WASHINGTON—Three images from the Beijing Olympics linger in my mind: Becky Hammon, as American as they come, winning a bronze medal with the Russian women’s basketball team; Liang Chow, the Chinese coach of the U.S. women’s gymnastics team, embracing his pupil Shawn Johnson, who won a gold medal for her performance on the balance beam after defeating a Chinese competitor; and Kobe Bryant, the NBA star, speaking to European TV crews in Italian and Spanish.

Last year, Hammon, a San Antonio Silver Stars player who at 30 knew this would be her last chance to attain Olympic glory, realized she would not make the U.S. team. While playing for CSKA Moscow during the WNBA off-season, she was offered Russian citizenship so that she could play with the national team. (She also retained her American citizenship.) It was the only way for her to compete in Beijing, and, politics being the last thing on her mind, she took the opportunity.

Hammon was vilified by many people in the sports world, including Anne Donovan, the U.S. women’s basketball coach, who said that she was “not a patriotic person.”

Hammon’s decision to play with the Russians contains a moral message. Individual sovereignty, it tells us, is a space that no collective force should violate. Invoking nationalist notions to condemn a woman’s pursuit of a dream that does no harm to anyone is to put national sovereignty above individual sovereignty—the seed of totalitarian ideology. Hammon does not love her ancestors, her family, her Silver Stars teammates or her friends on the U.S. national team any less because she took a cherished opportunity to play in Beijing. “This is a game of basketball,” she said in defending her decision, “this is not life or death.” A traitor? No, an heir to America’s grandest tradition: the right to the pursuit of happiness.

That American tradition also allowed Chow, a former Chinese gymnastics champion who came to the U.S. in 1990, to lead the U.S. women gymnasts against China’s team in his homeland before thousands of his fellow countrymen. Prodding, congratulating or consoling his American pupils in Beijing as if nothing else mattered to him in the world was not an act of betrayal against China. It was a lesson in individual liberty. For all its economic openness, the Chinese Communist Party cloaks the suppression of individual liberty with nationalist propaganda. Precisely because of that, the symbolism of Chow embracing Johnson after she won her gold medal on the balance beam is more powerful than the protesters’ attempts at demonstrating against repression in Tibet during the games.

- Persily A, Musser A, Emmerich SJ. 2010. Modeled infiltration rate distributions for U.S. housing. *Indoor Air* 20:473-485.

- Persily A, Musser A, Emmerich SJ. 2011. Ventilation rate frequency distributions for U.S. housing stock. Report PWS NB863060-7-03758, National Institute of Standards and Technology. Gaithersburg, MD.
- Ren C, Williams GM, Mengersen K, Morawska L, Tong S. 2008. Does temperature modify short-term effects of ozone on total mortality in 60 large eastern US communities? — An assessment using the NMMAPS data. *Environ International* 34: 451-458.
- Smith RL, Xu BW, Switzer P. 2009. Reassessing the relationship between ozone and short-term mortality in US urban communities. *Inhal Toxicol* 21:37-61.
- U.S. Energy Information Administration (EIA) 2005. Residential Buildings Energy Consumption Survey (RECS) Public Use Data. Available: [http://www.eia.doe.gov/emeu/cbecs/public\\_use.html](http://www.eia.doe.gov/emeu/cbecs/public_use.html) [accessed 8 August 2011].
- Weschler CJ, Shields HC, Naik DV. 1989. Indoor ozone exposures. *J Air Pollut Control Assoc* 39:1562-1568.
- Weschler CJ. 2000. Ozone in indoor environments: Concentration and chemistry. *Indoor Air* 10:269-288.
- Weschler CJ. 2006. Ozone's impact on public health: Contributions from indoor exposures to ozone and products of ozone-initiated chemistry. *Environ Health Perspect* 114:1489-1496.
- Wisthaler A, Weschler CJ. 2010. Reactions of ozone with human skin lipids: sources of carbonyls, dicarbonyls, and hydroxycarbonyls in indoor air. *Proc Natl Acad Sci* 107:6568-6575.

And then there is Kobe Bryant speaking Italian, which he learned growing up in Italy, and Spanish, which his Los Angeles Lakers teammate Pau Gasol is helping him learn, to European journalists. He does this at a time when strong nationalist currents in the United States are influencing the public debate—expressed in the anti-immigrant sentiment, the protectionist backlash against globalization or the controversy surrounding Democratic presidential candidate Barack Obama’s multicultural background. Is Bryant less American for embracing part of his cultural heritage by speaking one of the languages he learned as a child? Go and ask that of the millions of Americans who delighted in the victory over Spain with which the NBA star and the rest of the U.S. basketball team won the Olympic gold medal.

Despite the best intentions of the Baron de Coubertin, the French aristocrat credited with reviving the Olympic Games in the 19th century, the international competition has as much to do with collectivist nationalism as it does with universal fraternity. Any individual act, however small, that tears down a nationalist barrier during the Olympics should be applauded as restoring the games’ true meaning.

In “Salut au Monde,” one of the poems in “Leaves of Grass,” Walt Whitman wrote, “I see ranks, colors, barbarisms, civilizations, I go among them, I mix indiscriminately, and I salute all the inhabitants of the earth.” It is in that spirit that Hammon, Chow and Bryant gave us something to remember.